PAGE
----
- RA is usually a disease of insidious onset, although it can be
abrupt. The diagnosis is typically made when four out of seven qualifying criteria
established by the American Rheumatism Association are met. These qualifying criteria are
- Morning stiffness lasting greater than one hour before
- Arthritis involving three or more joints
- Arthritis of the hand, particularly involvement of the
proximal interphalangeal joints (PIP), the metacarpolphalyngeal joints (MCP) or wrist
- Symmetric involvement of the same joint areas bilaterally
(i.e., both wrists, symmetric PIPs and MP joints)
- Positive serum rheumatoid factor
- Radiographic evidence of rheumatoid arthritis
- Other contributing history includes the following:
- Fever of undetermined etiology
- Joint involvement is typically polyarticular and symmetrical,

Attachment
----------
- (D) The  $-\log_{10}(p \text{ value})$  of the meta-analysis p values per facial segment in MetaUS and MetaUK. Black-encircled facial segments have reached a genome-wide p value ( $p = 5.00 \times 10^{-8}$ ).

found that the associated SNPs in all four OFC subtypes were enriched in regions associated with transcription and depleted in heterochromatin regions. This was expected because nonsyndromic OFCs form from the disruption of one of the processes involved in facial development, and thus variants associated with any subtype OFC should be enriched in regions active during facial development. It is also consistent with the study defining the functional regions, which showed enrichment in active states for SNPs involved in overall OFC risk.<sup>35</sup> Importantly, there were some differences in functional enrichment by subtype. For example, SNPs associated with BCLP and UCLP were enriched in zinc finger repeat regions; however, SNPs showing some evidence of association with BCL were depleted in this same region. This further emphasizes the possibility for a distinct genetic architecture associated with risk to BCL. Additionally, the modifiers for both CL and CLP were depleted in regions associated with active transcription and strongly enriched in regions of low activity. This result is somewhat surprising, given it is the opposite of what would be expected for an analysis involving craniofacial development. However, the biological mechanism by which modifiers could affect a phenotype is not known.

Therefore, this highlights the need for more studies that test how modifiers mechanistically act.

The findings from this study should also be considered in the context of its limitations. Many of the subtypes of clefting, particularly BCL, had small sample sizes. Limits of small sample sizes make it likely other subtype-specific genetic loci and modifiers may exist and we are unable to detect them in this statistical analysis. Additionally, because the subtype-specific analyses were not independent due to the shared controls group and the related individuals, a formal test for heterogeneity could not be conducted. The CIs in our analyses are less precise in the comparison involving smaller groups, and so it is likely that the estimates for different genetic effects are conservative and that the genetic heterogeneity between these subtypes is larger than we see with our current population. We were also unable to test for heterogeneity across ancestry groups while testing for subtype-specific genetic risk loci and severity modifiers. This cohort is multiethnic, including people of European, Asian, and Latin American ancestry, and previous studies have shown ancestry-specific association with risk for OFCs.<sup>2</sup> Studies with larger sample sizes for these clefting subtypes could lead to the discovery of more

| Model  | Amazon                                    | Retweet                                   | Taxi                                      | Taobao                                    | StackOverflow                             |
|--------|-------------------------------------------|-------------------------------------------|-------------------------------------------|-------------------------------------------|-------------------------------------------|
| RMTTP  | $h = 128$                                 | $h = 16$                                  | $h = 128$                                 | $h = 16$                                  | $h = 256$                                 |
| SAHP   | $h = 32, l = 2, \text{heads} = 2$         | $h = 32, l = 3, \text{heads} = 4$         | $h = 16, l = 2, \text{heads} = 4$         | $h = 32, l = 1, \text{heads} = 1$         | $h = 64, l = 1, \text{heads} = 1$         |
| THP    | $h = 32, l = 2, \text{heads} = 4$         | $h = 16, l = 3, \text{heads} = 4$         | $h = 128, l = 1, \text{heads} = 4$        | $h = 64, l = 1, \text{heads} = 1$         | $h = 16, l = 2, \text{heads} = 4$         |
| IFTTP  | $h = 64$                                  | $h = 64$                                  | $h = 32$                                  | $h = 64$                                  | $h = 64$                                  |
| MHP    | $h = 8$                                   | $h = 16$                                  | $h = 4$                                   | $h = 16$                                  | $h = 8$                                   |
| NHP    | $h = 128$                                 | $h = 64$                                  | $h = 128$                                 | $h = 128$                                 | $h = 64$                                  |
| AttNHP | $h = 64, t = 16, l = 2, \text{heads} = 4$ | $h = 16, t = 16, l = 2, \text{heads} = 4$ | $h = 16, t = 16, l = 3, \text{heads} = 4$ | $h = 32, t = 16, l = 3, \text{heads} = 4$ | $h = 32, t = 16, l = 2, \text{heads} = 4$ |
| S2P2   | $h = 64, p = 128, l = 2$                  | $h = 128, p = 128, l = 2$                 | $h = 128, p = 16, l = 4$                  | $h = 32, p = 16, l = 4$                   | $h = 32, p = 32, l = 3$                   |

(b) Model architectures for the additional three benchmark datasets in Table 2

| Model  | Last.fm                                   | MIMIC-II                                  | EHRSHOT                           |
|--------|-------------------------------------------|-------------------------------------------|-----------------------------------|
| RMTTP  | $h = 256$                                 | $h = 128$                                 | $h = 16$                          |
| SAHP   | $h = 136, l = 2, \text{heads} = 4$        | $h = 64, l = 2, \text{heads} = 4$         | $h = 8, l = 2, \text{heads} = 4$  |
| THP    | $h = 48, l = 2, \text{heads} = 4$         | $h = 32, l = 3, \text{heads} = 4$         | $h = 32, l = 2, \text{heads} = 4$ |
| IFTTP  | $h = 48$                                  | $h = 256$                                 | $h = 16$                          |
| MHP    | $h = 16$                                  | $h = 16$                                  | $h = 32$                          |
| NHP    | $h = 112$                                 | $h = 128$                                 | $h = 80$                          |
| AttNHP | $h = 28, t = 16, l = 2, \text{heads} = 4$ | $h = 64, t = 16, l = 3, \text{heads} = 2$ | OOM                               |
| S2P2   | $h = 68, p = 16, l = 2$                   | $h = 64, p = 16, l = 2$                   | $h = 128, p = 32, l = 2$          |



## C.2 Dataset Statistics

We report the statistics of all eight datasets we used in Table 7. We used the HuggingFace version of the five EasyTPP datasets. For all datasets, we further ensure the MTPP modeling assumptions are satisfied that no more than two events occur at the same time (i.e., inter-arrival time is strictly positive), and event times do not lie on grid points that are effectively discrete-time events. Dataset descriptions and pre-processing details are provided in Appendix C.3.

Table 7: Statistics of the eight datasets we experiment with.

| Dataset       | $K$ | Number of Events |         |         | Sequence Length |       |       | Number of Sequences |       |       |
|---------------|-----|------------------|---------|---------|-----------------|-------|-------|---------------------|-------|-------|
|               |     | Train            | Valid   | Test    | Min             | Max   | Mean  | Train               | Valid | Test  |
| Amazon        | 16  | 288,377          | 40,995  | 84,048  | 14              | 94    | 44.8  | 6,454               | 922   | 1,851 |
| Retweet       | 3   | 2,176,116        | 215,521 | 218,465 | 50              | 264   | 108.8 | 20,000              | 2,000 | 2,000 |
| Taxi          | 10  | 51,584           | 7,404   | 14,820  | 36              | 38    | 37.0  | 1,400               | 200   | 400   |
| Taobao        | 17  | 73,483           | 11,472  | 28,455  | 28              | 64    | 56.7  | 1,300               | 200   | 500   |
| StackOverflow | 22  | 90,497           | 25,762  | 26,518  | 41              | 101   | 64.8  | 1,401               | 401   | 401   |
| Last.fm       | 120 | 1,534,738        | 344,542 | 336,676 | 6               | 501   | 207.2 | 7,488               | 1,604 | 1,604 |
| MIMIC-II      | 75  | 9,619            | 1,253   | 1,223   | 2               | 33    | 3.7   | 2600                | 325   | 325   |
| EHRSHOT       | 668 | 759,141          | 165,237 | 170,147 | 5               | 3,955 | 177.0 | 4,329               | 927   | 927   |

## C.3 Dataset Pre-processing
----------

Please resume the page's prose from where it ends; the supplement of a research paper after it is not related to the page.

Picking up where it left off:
usually sparing the distal interphalangeal (DIP)joints. Joint involvement and inflammation
is evidenced by the following:
- Destruction (a late finding)
- Subcutaneous rheumatoid nodules, "swan neck"
deformities, "Boutonniere" deformities, ulnar deviation of fingers at MCP joints
- RA is a diffuse systemic disease involving many areas of the
body. The presenting complaint may be remote from a joint or may involve inflammatory
symptoms at a joint.
- The cause of rheumatoid arthritis has not been elucidated.
- Associated factors may include: